Looks like life’s been around on planet Earth a lot longer than we thought:
Scientists probing a newly exposed, formerly snow-covered outcropping in Greenland claim they have discovered the oldest fossils ever seen, the remnants of microbial mats that lived 3.7 billion years ago.
It’s a stunning announcement in a scientific field that is always contentious. But if confirmed, this would push the established fossil record more than 200 million years deeper into the Earth’s early history, and provide support for the view that life appeared very soon after the Earth formed and may be commonplace throughout the universe.
Not sure how that conclusion is supported by the discovery, but then cultural Marxism always argues in favor of the non-specialness of human life. Not that, so far, life has been found anywhere else.
Say, Washington Post, what about global warming?
A team of Australian geologists announced their discovery in a paper titled “Rapid emergence of life shown by discovery of 3,700-million-year-old microbial structures,” published Wednesday in Nature.
Claims about evidence for ancient life have invariably been controversial. The multiple lines of evidence for the Greenland stromatolites “are not as clear cut as you’d ideally want for such an extraordinary claim,” cautioned Abigail Allwood, a geologist at the NASA Jet Propulsion Laboratory who has studied fossil stromatolites.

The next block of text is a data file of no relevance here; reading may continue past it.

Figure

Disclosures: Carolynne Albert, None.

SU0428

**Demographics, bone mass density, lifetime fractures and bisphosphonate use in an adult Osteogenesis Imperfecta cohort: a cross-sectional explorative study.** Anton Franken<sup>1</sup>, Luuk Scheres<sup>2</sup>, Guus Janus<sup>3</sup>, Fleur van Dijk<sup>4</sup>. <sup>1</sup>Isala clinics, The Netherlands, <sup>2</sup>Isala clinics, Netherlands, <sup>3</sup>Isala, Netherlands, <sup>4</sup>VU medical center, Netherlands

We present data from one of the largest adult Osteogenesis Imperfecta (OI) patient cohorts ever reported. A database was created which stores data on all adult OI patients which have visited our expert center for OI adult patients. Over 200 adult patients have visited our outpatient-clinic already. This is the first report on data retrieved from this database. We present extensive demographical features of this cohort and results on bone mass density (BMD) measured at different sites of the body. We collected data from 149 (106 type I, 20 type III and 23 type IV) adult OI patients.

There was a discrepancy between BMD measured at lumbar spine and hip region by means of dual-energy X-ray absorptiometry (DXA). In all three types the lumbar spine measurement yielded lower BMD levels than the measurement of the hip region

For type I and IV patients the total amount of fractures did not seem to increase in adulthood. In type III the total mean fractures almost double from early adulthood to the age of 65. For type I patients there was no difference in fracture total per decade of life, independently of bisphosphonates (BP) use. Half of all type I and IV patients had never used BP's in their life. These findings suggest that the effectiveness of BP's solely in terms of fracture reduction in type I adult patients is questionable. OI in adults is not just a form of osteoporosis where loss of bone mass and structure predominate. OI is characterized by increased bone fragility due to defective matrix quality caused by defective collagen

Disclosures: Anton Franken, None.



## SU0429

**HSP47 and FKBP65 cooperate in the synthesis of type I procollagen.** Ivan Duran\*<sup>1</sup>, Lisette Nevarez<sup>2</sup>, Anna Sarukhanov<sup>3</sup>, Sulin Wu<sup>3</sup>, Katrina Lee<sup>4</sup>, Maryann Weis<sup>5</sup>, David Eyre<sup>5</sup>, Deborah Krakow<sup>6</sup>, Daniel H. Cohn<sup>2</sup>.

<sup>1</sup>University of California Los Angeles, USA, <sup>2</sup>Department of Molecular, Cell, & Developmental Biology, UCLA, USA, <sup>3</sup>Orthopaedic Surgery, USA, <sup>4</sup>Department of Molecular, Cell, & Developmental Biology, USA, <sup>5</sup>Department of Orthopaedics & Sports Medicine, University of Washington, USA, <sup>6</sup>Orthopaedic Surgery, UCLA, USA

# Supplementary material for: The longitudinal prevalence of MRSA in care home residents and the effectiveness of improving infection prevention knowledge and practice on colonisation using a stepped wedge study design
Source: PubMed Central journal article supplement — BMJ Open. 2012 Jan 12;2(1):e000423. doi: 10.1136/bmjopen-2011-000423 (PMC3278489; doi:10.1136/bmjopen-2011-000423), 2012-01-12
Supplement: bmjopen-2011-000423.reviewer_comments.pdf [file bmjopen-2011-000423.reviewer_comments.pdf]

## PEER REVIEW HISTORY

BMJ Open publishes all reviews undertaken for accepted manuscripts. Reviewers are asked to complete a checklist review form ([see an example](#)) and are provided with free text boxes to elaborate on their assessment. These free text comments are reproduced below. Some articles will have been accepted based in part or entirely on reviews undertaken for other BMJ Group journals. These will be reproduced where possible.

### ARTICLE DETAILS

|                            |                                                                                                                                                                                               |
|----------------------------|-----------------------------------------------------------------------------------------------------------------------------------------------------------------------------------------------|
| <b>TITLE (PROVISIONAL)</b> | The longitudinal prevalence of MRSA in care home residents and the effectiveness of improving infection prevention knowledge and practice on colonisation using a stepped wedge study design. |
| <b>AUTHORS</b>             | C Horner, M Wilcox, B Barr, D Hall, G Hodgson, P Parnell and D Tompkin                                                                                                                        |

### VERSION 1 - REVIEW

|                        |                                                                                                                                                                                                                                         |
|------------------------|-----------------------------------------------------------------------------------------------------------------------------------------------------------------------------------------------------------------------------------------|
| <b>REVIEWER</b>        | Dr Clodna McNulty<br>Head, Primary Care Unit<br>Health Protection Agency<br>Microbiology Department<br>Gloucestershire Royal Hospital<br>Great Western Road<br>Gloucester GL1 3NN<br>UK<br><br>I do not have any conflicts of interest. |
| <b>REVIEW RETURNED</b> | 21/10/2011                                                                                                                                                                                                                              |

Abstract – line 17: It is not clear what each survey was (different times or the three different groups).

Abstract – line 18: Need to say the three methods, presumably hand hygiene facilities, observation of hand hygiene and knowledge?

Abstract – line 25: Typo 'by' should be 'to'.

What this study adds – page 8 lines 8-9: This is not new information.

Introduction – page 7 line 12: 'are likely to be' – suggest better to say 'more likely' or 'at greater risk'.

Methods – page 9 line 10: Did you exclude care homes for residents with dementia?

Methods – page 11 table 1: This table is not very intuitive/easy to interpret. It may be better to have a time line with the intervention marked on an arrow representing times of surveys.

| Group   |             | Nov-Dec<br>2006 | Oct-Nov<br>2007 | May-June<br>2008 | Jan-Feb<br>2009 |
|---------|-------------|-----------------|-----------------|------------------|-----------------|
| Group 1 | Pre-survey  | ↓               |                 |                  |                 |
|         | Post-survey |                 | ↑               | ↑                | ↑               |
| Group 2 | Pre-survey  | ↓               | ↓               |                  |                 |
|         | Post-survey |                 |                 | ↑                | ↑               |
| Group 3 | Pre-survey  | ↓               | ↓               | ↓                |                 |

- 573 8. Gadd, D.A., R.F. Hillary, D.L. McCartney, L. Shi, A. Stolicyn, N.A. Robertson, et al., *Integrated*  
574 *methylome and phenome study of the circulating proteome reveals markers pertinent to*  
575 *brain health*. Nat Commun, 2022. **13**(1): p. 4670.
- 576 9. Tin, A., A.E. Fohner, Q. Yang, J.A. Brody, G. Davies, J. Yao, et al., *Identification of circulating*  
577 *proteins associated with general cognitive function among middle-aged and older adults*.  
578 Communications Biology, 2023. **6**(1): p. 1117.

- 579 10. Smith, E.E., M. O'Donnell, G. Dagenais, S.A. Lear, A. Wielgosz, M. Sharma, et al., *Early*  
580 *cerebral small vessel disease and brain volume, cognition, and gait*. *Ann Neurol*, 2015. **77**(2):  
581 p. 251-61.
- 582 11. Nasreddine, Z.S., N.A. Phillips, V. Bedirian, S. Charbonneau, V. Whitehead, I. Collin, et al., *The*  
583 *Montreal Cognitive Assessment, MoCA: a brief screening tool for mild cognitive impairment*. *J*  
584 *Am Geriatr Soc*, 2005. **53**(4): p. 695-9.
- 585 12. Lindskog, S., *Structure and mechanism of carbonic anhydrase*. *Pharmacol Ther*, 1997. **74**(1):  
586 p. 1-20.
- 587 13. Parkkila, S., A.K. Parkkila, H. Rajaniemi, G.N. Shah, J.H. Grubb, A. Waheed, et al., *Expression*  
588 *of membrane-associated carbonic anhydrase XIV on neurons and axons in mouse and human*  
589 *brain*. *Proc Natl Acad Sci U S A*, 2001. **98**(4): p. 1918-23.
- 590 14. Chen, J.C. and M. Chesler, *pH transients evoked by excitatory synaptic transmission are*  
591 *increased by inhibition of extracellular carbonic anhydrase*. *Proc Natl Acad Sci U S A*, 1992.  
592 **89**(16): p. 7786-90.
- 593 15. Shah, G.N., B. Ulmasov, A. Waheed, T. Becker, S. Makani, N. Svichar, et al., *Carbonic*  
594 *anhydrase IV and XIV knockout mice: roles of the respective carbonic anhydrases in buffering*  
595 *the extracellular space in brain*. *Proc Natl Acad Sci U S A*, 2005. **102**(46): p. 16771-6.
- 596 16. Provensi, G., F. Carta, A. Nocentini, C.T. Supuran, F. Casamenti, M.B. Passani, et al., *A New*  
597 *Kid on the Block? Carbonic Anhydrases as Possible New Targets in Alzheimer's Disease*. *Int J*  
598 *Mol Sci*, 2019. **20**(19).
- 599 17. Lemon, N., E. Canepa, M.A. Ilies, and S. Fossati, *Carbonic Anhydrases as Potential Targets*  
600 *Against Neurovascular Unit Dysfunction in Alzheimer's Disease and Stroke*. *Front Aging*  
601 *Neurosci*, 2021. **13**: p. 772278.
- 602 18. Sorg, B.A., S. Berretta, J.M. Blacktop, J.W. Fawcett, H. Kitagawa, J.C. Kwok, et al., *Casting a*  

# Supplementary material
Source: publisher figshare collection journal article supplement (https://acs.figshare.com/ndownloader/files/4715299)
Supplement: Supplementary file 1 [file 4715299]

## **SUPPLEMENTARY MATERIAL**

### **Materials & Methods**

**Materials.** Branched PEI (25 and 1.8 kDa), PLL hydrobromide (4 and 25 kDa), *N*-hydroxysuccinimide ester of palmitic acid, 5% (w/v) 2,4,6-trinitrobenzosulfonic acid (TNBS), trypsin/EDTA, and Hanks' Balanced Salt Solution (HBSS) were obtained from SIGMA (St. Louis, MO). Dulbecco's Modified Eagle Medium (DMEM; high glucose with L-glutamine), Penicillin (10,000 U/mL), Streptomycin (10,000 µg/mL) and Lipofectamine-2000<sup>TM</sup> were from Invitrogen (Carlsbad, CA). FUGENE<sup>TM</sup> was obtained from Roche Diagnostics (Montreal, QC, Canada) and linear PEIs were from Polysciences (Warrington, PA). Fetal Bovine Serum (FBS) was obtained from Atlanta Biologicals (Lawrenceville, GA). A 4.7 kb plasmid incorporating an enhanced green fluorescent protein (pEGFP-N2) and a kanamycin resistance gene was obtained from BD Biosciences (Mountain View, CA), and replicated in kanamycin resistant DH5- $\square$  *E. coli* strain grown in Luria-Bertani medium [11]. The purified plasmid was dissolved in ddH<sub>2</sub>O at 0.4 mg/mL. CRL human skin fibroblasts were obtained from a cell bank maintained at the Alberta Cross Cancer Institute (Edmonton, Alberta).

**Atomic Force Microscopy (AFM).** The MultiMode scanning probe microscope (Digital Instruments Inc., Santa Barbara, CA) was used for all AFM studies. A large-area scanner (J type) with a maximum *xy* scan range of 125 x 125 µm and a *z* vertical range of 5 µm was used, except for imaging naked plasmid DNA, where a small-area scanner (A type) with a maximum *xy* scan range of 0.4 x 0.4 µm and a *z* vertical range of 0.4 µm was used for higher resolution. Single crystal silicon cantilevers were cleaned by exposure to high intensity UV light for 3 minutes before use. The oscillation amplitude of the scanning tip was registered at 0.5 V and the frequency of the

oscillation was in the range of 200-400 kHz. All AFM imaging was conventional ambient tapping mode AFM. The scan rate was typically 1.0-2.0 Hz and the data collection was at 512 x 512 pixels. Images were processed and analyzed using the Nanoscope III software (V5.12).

“They might really be biological but it’s hard to absolutely refute the possibility that they formed by localized mineral precipitation from seawater. If we found these on Mars, would we plant a flag and declare that we had found life on Mars? I think not, but we would definitely get very excited and continue looking around for more information,” she said.
“We expect there will be some robust debate. That’s what science is all about.”
Except, of course, when it comes to “global warming” or “climate change.” But, hey… you can’t make fossils without breaking a few skulls. Meanwhile, in other proof of living fossilization: